Reed Anfinson, Co-publisher
Even in small-town rural Minnesota, what happens on the streets of Minneapolis, St. Paul, Los Angeles, Atlanta, or Washington, D.C., matters.
As streets have filled with citizens protesting the callous killing of George Floyd May 25 by Minneapolis police officer Derek Chauvin, rural America has watched from a distance. The inflamed passions of those fed up with police brutality toward black Americans appearing on our screens is far removed.
For 8 minutes and 45 seconds, Chauvin had his knee pressing hard against Floyd’s neck. His pleas that he couldn’t breathe were ignored. He soon fell unconscious; Chauvin didn’t let up. By the time he removed his knee, Floyd was dead.
Who can’t help but being outraged by viewing the video of Floyd’s death?
“When I watch the video of oﬃ cer Derek Chauvin kneeling on Floyd’s neck, choking the life out of him and ignoring his cries of distress, I want to throw something….
I can’t help but think of my own two sons and how, for either of them, a routine encounter with police — or a run-in with self-appointed sheriﬀ s — could be fatal. I want to scream,” writes Eugene Robinson, a black columnist with The Washington Post.
Even as a Pulitzer Prize winner, a columnist and associate editor of one of the nation’s most well-known publications, he has to fear for his children. His status doesn’t protect his sons. Robinson condemned the senseless violence, rioting, and looting of those who hijacked the protests of Floyd’s death as cover for their crimes. Yet, he understands the outrage of those protesting.
“Do you want to prevent the kind of rioting, looting and arson we have seen in Minneapolis this week? Then stop police officers and racist vigilantes from killing black men,” he writes.
For those inclined by prejudice, the actions of a few, the looting and vandalism, is an indictment of all blacks. It takes away their legitimate anger, balances out the death of George Floyd, ingrains existing animosities, and ignores more than 400 years of oppression and injustice – with an impatient dismissal only someone unfamiliar and unsympathetic to their long suﬀ ering could hold.
While serving on the board of the National Newspaper Association we were given a tour of the Birmingham Civil Rights Institute. A walk through the Institute is a walk through the history of slavery, the Civil War, the abuse of the freed blacks in the post-Civil War era, and the entrenchment of segregation.
It is the story of the systematic eﬀ ort to disenfranchise the right of blacks to vote. It was the story of their long, seemingly endless struggle for equal rights. The Institute sits directly across the street from one of the most poignant and tragic sites in the ﬁght for those rights.
On Sept. 15, 1963, four little black girls were changing into their choir gowns in the basement of the 16th Street Baptist Church in Birmingham when a bomb went oﬀ , killing all four. They were eleven-year-old Denise McNair, and fourteen-year-olds Addie Mae Collins, Carole Robertson, and Cynthia Wesley. That same day, two young black boys were murdered in Birmingham in racial incidents.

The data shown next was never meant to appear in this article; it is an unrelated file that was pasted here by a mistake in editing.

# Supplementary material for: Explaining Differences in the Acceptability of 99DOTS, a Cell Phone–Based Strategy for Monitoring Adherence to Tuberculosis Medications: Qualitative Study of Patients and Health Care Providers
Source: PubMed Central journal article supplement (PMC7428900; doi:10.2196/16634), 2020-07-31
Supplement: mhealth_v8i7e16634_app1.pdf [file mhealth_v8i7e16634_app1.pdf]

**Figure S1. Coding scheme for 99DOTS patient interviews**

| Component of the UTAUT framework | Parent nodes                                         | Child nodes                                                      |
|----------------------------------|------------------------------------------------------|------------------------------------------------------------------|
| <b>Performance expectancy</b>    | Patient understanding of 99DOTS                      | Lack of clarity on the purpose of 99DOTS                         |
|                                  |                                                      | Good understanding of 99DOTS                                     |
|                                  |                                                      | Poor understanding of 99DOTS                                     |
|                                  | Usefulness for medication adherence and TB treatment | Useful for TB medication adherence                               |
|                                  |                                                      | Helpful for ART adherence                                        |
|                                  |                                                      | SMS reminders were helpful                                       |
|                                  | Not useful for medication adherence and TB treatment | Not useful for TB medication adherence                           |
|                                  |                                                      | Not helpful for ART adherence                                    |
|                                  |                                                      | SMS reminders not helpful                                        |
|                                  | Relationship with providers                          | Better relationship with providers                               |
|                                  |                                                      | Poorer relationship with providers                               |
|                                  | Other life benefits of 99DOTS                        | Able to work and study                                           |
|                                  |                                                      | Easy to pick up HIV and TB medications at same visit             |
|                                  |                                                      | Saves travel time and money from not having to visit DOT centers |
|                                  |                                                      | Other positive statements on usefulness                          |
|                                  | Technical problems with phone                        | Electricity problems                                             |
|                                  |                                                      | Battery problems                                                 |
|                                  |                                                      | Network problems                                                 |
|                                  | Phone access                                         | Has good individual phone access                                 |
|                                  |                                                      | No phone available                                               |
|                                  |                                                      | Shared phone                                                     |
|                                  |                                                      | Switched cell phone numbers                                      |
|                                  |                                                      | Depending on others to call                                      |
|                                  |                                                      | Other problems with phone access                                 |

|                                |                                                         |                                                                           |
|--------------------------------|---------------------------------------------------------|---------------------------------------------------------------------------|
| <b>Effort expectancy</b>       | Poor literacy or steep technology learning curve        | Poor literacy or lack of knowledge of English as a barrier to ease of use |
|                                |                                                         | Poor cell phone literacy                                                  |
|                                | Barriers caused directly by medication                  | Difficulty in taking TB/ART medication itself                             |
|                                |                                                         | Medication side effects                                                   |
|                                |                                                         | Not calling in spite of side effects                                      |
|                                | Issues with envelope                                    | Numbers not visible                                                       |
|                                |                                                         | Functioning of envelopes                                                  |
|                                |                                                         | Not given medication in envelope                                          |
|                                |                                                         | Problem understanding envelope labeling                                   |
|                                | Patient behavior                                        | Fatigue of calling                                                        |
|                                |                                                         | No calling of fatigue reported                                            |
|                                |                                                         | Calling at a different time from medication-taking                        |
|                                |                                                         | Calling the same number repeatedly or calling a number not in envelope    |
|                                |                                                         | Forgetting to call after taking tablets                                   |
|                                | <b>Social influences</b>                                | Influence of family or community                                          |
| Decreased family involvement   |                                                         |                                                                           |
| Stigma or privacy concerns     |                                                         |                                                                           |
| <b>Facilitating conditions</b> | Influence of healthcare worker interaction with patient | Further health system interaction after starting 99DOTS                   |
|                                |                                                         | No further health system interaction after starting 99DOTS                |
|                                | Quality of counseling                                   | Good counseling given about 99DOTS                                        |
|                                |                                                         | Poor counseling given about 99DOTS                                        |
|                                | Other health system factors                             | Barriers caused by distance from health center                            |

The church had been an important meeting place during the years of civil and racial unrest in the South as blacks fought for equal rights. Members of the Klu Klux Klan had targeted the church to brutally suppress black activists ﬁghting to end segregation.
Across another street from the Institute is a park with sculptures of the water cannons used to blast blacks marching for their rights. There is a sidewalk that runs between a sculpture with snarling police dogs straining at leashes, a reminder that real dogs were used to brutalize protesters seeking to end discrimination in Birmingham.
A large screen hangs in the middle of one of the rooms in the Institute. On it we watched the Rev. Martin Luther King, Jr. give his “I have a Dream” speech.
In that speech, King said: “As we walk, we must make the pledge that we shall always march ahead. We cannot turn back. There are those who are asking the devotees of civil rights, ‘When will you be satisfied?’ We can never be satisﬁ ed as long as the Negro is the victim of the unspeakable horrors of police brutality. We can never be satisfied, as long as our bodies, heavy with the fatigue of travel, cannot gain lodging in the motels of the highways and the hotels of the cities. We cannot be satisﬁ ed as long as the Negro’s basic mobility is from a smaller ghetto
to a larger one. We can never be satisfied as long as our children are stripped of their selfhood and robbed of their dignity by signs stating, ‘For Whites Only.’ We cannot be satisﬁ ed as long as a Negro in Mississippi cannot vote and a Negro in New York believes he has nothing for which to vote….”
He gave that speech in 1963. Though much has changed, too much has remained the same, and we are all paying the price.
Why does what happens on the streets of our metropolitan cities matter in our small rural communities? Because our sons and daughters go to these cities for jobs and school. They build homes and raise families in these and other cities with large minority populations. We have aunts, uncles, brothers, sisters, and grandchildren living in America’s largest cities.
We will see more interracial marriages with people of other colors becoming part of our immediate families. We will have grandchildren who will be biracial who we will defend heart and soul from the outrages of bigoted minds and the unfair barriers to living a better life. We want comfort and assurance in knowing they are safe.
But it is more than that. If we truly believe in the words of America’s founding document – that we are all created equal – then we must live up to that ideal in our words and actions even in small-town America. Our children take our prejudices with them when the move away. Let’s ensure those attitudes are energized to fight for justice and against prejudice.